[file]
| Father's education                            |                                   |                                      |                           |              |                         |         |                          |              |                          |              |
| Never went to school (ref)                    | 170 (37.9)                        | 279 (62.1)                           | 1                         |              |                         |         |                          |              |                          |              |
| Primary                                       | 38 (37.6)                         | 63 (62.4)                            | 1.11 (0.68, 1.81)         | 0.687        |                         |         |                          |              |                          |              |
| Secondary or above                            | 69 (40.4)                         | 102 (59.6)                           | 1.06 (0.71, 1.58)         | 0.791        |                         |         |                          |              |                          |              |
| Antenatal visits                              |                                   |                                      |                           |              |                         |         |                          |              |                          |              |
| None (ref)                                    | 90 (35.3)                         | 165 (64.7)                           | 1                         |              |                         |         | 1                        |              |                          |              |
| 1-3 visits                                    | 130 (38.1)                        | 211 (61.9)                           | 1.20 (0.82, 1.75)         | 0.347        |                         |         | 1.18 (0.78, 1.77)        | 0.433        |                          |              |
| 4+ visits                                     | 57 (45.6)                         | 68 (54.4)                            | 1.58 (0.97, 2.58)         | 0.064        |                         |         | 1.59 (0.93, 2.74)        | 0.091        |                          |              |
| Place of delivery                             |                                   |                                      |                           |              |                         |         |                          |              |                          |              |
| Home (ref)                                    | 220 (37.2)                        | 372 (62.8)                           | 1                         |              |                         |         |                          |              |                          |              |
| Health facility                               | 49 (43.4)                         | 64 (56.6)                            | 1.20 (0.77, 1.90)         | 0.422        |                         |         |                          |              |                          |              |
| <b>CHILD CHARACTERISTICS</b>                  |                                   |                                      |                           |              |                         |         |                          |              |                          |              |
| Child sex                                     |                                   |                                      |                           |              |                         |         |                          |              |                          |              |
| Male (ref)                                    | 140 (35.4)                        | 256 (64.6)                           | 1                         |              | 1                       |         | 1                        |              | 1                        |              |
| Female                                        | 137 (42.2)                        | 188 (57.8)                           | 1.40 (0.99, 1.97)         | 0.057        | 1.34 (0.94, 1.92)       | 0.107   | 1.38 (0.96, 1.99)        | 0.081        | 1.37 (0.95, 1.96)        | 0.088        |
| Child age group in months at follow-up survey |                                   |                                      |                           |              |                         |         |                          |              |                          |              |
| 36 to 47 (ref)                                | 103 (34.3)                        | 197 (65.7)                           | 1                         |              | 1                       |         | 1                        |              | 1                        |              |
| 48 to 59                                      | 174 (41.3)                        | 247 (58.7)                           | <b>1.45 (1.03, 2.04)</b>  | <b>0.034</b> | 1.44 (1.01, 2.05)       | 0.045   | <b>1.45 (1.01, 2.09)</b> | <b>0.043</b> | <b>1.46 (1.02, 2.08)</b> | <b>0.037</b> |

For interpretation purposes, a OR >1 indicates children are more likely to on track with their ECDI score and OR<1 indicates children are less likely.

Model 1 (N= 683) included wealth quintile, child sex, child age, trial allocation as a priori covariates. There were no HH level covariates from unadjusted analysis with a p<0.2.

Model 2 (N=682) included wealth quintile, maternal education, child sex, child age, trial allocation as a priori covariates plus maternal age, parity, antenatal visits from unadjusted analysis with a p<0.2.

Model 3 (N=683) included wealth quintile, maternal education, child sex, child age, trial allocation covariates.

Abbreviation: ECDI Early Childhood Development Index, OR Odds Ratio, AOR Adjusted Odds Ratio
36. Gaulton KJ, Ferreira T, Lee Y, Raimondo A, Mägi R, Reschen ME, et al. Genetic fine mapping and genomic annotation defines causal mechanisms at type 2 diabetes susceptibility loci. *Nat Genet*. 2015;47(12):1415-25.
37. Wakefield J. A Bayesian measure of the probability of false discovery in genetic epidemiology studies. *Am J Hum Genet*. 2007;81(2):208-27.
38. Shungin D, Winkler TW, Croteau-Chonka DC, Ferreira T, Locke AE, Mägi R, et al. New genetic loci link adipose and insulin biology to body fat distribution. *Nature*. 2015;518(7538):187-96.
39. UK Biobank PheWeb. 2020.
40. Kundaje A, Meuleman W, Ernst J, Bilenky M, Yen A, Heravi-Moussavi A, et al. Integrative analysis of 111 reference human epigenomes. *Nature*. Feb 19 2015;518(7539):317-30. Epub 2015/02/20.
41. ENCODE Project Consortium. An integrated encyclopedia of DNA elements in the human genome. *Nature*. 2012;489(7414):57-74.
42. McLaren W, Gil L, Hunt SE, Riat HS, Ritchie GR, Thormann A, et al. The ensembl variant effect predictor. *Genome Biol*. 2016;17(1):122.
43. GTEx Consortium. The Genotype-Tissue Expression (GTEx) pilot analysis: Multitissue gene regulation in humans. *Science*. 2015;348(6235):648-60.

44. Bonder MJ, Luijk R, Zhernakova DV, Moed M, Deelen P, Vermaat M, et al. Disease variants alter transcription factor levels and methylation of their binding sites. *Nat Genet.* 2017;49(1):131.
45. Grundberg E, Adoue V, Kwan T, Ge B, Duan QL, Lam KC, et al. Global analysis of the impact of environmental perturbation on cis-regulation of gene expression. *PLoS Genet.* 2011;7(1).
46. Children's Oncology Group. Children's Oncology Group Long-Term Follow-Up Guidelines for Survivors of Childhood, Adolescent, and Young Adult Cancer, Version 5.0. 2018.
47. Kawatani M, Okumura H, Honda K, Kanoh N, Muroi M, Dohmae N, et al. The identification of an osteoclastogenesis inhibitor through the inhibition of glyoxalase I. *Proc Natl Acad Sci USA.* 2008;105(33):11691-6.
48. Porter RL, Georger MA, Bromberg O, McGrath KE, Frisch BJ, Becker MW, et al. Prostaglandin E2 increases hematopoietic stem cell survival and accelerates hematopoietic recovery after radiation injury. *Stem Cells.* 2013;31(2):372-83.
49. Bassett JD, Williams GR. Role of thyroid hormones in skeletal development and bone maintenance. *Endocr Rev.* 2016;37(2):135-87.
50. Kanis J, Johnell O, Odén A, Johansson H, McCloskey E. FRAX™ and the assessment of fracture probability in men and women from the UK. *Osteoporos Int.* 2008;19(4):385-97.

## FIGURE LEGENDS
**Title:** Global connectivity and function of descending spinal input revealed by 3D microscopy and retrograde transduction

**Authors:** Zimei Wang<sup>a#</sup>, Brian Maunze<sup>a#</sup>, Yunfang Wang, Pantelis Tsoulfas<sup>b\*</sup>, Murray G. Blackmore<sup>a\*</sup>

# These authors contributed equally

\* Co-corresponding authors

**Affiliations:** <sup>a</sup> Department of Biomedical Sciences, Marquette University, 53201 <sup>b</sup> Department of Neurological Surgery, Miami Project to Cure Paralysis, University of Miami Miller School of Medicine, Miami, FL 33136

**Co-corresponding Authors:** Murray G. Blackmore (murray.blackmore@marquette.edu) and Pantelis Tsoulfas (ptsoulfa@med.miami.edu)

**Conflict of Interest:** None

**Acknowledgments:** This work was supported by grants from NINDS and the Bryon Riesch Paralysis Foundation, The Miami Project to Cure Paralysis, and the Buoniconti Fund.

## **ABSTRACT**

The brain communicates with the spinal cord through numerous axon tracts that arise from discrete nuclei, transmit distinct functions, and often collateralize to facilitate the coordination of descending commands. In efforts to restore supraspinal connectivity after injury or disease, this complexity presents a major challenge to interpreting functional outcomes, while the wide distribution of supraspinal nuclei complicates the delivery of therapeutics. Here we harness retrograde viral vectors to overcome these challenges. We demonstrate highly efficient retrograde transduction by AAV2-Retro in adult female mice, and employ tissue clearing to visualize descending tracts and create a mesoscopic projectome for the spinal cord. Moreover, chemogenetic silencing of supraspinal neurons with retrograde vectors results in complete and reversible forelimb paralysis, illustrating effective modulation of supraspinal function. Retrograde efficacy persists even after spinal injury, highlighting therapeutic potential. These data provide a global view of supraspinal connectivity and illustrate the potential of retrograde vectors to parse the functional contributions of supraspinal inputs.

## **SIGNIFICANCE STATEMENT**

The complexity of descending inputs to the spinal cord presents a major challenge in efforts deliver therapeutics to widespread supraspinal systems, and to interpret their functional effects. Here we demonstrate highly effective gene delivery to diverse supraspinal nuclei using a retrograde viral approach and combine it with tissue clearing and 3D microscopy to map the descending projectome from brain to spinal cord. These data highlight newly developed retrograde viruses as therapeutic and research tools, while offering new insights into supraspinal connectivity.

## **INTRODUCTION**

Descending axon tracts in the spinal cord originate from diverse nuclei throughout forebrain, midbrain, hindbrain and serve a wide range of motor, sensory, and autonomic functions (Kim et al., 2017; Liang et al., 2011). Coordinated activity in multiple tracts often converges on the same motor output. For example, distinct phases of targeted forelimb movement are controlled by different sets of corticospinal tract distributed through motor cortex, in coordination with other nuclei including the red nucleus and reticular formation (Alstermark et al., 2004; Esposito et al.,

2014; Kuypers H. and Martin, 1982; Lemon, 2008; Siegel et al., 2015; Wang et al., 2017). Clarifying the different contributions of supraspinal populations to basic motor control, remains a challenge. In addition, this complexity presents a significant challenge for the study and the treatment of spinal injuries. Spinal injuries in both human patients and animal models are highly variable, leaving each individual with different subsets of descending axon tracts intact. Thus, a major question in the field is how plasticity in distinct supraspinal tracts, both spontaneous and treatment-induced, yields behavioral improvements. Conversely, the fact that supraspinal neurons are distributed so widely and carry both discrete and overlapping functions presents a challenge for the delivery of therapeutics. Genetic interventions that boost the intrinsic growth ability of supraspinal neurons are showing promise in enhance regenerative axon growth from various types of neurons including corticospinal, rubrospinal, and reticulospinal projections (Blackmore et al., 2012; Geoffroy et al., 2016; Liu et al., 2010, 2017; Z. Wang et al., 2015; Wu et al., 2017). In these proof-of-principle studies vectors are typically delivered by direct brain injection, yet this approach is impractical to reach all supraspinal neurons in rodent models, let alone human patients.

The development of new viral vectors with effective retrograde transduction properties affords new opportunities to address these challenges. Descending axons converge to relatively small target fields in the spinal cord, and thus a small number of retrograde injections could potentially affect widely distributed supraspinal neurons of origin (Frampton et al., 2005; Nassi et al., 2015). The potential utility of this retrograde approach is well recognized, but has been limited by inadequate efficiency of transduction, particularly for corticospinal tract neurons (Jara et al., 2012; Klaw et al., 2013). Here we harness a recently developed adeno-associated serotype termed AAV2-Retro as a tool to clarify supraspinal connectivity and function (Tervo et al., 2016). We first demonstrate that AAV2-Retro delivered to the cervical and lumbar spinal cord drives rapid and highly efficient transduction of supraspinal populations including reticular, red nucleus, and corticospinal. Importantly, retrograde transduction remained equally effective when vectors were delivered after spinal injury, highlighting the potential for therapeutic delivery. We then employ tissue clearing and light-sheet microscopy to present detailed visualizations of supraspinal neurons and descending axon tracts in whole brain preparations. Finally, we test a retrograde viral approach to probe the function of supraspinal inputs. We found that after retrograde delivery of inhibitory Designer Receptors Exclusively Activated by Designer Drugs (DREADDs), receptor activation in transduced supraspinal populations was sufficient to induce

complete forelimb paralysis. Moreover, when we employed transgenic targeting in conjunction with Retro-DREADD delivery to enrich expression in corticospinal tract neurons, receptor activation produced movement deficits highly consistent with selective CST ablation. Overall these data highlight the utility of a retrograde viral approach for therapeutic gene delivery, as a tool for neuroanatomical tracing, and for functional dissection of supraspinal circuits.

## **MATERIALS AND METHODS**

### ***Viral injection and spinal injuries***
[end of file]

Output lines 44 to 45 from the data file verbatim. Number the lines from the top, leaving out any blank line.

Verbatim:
**Affiliations:** <sup>a</sup> Department of Biomedical Sciences, Marquette University, 53201 <sup>b</sup> Department of Neurological Surgery, Miami Project to Cure Paralysis, University of Miami Miller School of Medicine, Miami, FL 33136

**Co-corresponding Authors:** Murray G. Blackmore (murray.blackmore@marquette.edu) and Pantelis Tsoulfas (ptsoulfa@med.miami.edu)